Whizz, bang, yawn. Am I alone in suffering from firework fatigue? Bonfire Night has come and gone, so why is the sky still ricocheting with rockets? It's not that I don't love the autumn thrill of Guy Fawkes, I do – the fizz of sparklers and the weee-pop as Uncle Bob sets off his latest Mega Mortar Boombox III. But that was more than a fortnight ago. It's time to move on.
Now, almost any gathering between October and January, including Christmas, is an excuse to light up the sky. There's been a year-on-year creep, which means you never know when a host might end the evening with the dreaded words: "Now, if you'll all head into the garden...." And then there's no knowing how long the display will last. No matter how dazzling the emerald fountain, or how spinny the Catherine wheel, there's only so many times you can express wonder and awe before your jaw sets into a rictus and the cricked neck sets in. Not to mention the lingering threat of head injury from those launch sticks hurtling back to the ground.
But wait, I do like fireworks really. It's just that, like Christmas and birthdays, they are for enjoying only once a year. Any more, and they're a bore.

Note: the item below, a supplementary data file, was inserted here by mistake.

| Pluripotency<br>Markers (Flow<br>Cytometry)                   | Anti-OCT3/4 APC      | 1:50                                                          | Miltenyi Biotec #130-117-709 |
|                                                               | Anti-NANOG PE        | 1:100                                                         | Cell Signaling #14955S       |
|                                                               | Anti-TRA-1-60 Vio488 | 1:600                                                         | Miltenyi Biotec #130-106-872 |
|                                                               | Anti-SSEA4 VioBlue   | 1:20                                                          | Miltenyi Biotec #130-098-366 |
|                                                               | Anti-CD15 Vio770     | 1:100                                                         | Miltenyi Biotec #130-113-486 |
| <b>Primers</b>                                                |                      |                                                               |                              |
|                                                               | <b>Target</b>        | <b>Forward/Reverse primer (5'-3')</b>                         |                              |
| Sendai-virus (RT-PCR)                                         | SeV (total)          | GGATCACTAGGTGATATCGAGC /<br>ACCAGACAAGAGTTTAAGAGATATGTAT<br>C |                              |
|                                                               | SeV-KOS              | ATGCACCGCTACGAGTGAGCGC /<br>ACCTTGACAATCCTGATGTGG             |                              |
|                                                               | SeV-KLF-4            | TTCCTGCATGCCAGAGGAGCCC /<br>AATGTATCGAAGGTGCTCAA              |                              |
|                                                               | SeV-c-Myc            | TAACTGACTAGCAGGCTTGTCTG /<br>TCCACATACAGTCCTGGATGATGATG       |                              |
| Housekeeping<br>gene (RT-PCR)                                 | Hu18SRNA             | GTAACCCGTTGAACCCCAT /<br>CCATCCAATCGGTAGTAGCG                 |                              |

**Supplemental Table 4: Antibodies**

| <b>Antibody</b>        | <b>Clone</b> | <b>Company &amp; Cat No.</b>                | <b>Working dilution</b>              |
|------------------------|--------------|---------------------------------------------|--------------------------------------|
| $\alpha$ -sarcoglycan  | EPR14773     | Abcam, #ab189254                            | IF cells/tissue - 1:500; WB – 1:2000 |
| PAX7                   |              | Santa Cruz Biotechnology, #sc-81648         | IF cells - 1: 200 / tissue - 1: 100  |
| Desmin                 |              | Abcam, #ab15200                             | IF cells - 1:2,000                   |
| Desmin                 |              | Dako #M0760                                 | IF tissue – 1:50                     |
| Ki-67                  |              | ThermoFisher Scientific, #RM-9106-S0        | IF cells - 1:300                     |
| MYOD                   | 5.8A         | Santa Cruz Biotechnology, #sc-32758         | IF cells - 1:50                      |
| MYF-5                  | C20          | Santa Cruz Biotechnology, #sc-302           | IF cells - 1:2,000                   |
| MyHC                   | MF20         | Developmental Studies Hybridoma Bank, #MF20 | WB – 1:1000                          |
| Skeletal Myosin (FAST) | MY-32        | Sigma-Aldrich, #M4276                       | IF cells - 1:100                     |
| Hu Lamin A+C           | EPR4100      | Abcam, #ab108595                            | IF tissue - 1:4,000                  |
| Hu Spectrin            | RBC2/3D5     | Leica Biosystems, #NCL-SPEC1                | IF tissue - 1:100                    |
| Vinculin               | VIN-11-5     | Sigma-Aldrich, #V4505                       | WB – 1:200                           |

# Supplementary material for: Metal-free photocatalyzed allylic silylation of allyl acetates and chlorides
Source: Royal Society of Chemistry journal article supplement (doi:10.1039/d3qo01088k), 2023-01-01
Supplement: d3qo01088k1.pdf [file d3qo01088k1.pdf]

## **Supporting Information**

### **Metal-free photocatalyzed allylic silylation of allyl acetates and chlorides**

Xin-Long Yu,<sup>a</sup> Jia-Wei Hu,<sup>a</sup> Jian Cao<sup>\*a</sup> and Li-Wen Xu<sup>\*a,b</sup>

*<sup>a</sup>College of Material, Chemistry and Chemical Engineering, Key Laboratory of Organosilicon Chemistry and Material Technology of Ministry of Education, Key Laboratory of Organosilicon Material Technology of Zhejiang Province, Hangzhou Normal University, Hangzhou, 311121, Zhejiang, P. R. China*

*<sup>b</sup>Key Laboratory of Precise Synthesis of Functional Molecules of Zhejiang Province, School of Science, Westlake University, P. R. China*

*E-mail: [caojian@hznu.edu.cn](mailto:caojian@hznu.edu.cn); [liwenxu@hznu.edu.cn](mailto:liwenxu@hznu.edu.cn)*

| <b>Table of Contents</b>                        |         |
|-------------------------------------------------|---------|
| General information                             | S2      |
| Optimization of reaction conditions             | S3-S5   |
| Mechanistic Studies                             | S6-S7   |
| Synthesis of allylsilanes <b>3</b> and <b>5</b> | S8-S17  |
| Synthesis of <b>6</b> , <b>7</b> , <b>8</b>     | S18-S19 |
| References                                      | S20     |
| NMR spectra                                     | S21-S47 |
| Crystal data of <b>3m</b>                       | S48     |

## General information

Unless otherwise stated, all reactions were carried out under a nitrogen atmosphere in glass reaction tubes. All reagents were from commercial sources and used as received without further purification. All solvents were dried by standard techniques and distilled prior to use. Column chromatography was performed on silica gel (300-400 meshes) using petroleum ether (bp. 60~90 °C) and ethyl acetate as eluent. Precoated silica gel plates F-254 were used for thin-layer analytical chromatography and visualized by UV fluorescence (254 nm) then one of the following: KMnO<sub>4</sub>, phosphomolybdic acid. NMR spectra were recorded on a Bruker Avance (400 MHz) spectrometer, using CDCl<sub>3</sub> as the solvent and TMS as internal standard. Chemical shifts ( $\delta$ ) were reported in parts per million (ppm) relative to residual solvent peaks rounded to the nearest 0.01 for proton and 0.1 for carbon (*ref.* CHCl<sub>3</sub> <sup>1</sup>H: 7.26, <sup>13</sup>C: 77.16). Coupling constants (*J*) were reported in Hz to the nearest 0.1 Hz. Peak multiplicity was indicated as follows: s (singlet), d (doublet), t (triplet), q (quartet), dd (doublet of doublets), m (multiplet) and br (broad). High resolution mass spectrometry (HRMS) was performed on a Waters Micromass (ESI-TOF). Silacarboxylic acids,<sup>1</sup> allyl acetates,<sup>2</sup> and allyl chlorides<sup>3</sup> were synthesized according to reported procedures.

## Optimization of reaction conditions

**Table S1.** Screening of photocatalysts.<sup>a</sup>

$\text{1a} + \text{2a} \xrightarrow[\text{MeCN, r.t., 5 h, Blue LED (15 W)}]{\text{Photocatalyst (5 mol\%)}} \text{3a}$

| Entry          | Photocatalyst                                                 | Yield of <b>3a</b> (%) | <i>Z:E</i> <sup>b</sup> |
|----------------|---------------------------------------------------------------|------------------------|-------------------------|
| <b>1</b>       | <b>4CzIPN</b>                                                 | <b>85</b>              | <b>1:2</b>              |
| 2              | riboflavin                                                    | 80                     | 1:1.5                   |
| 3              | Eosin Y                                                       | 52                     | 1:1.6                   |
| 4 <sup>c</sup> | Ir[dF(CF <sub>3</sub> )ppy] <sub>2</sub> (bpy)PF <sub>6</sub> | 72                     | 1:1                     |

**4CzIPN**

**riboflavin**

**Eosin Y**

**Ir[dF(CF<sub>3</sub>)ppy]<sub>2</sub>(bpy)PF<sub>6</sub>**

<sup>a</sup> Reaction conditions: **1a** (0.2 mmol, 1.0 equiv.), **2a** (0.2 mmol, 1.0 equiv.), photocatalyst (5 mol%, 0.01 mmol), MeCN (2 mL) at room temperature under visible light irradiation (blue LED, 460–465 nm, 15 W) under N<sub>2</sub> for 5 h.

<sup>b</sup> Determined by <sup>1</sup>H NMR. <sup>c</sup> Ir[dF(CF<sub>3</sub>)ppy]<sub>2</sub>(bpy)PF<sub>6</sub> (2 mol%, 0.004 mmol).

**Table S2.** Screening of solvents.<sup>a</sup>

The cat came back. I thought she was a goner, but nearly three months after disappearing, my mog popped over the garden wall and came home. The animal psychic had said she would.
At first, the cat didn't recognise me, and I couldn't be sure it was her, given how fat she looked. While I had spent weeks flyering the neighbourhood and plastering posters on lampposts and being told by friends how unsuited I was to keeping animals, the beast had been lolling back on some pensioner's divan, being fed plump titbits.
Truth be told, I gave up hope after visiting a Taoist temple, where the gods said it was a lost cause. I had prepared for the worst. But then, there it was. The psychic was right. And the strange thing is, she's staying this time. Until she finds a better source of titbits.